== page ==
Seminary classes appear to either be (a) content-based in which one must master a body of knowledge (theology, church history, etc.), or (b) skills-based in which one must master a skill to an academically acceptable level (preaching, interpreting text, Greek, Hebrew, etc.) This spring I spent a semester learning Inductive Bible Study (IBS) skills and practicing on the English text of the Gospel of Mark. It was a lot of work, but rewarding!
If you think about it, no one recorded every waking moment Jesus spent on earth. Even today we do not record every moment of every day, even if reality t.v. shows and Snapchat stories promise you otherwise… everything is edited! So we have four different gospel accounts of Jesus’ life, each by a different author, each telling the parts of Jesus’ life and ministry that they wanted to communicate to their audience. The content of each narrative is absolutely true, simply edited by a different author.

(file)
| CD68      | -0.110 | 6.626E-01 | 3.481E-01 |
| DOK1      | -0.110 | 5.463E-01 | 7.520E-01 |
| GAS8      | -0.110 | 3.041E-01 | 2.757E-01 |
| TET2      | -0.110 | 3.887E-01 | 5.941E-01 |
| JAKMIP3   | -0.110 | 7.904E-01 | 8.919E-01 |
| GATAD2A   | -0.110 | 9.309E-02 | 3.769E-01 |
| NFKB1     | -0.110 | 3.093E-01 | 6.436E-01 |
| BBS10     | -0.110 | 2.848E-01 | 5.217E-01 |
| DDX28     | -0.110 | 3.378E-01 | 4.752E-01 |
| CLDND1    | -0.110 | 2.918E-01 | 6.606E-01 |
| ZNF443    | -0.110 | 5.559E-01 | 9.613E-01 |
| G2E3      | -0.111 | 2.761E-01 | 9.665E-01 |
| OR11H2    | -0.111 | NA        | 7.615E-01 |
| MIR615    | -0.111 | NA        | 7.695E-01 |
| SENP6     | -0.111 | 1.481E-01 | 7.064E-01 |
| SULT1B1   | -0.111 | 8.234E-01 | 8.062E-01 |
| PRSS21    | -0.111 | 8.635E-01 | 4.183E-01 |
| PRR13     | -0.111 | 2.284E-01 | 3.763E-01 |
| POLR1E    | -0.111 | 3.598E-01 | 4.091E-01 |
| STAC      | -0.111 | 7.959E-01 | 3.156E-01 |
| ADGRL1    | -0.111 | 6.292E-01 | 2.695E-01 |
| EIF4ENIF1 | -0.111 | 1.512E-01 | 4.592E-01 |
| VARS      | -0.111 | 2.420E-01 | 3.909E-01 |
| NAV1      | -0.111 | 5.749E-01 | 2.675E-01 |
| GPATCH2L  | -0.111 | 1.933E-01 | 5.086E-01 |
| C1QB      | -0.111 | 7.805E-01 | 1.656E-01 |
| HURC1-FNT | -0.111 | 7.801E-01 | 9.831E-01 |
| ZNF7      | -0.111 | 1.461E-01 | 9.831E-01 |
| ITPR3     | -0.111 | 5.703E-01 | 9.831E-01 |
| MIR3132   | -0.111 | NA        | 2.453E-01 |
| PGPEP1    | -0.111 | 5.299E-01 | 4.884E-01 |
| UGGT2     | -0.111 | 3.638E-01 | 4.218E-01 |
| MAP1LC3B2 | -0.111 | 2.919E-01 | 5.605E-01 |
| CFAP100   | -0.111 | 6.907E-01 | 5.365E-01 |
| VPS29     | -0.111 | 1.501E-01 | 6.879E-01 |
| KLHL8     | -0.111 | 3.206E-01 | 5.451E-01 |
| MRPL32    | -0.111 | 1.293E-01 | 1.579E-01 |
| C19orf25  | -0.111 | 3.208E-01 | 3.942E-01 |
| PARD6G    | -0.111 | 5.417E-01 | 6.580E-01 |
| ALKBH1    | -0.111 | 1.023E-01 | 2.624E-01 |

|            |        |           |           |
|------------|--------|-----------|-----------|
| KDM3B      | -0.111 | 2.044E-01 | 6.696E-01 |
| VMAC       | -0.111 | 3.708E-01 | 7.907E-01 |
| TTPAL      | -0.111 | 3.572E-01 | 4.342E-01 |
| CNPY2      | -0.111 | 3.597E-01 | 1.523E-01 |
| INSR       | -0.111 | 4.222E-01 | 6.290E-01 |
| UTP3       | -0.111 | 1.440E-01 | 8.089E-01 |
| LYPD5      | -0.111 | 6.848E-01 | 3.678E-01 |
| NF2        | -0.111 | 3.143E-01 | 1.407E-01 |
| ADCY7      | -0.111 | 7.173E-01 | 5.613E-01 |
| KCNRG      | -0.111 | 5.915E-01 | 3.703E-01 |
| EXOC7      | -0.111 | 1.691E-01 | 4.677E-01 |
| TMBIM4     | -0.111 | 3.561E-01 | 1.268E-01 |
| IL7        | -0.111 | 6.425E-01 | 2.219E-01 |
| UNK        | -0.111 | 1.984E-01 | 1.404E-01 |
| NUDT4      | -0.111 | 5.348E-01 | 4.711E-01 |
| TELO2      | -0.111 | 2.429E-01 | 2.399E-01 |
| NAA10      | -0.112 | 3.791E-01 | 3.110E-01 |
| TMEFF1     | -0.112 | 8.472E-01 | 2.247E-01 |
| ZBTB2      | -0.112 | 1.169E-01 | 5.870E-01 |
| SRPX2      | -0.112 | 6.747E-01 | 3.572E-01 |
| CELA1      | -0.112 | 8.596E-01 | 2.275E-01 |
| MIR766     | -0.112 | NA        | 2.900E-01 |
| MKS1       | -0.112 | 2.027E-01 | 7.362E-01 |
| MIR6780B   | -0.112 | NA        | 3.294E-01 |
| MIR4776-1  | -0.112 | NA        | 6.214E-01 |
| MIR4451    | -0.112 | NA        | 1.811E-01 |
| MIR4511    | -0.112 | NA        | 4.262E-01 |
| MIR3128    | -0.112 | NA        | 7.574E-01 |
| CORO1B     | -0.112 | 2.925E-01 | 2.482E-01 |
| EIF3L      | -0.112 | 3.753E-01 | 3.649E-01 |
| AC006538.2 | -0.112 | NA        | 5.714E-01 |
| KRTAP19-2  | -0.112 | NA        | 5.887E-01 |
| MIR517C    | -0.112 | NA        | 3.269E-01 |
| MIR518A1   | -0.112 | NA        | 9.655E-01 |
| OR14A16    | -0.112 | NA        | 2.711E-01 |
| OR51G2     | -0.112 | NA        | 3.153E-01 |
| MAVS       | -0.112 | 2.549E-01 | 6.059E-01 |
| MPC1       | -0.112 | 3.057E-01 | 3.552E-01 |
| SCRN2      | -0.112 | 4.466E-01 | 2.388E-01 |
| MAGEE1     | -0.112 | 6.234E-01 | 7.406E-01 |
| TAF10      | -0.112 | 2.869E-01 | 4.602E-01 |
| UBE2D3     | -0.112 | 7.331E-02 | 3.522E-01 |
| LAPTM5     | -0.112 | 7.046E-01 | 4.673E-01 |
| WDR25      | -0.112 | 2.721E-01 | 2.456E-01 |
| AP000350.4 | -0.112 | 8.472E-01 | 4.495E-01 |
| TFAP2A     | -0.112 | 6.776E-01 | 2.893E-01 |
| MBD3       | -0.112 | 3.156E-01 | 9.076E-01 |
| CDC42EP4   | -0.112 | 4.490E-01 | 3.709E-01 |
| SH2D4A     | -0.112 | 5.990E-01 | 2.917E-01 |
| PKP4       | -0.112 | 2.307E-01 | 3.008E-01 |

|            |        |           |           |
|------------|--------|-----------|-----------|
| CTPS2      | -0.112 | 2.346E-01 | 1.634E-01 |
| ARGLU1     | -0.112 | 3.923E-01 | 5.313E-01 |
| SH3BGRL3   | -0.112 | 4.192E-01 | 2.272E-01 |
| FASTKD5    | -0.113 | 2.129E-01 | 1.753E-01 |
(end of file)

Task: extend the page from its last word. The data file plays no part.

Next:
IBS asks the question, “Why did Mark chose to tell this story, to this audience, at this point in his narrative?” IBS presumes that Mark, with the help of the Holy Spirit, arranged the stories of Jesus in a particular fashion to communicate particular truths to his audience. IBS is a bit like bringing AP English Literature skills to the gospel narrative and asking questions about structure, recurring themes, framing, foreshadowing, climax, repeated cycles, and more. Once we understand the structure of a passage, and its context, then we become better interpreters of the text. Single verses, yanked out of context and
applied to a situation, become taboo… After all, no one opens a letter from an old friend, reads only the 5th paragraph, and then puts the letter away for another time!
This is the companion commentary we used which I recommend for anyone teaching on Mark by Mark Strauss:
And just to give you an idea, here are some examples of the introductory paragraph of IBS papers I wrote every week all spring: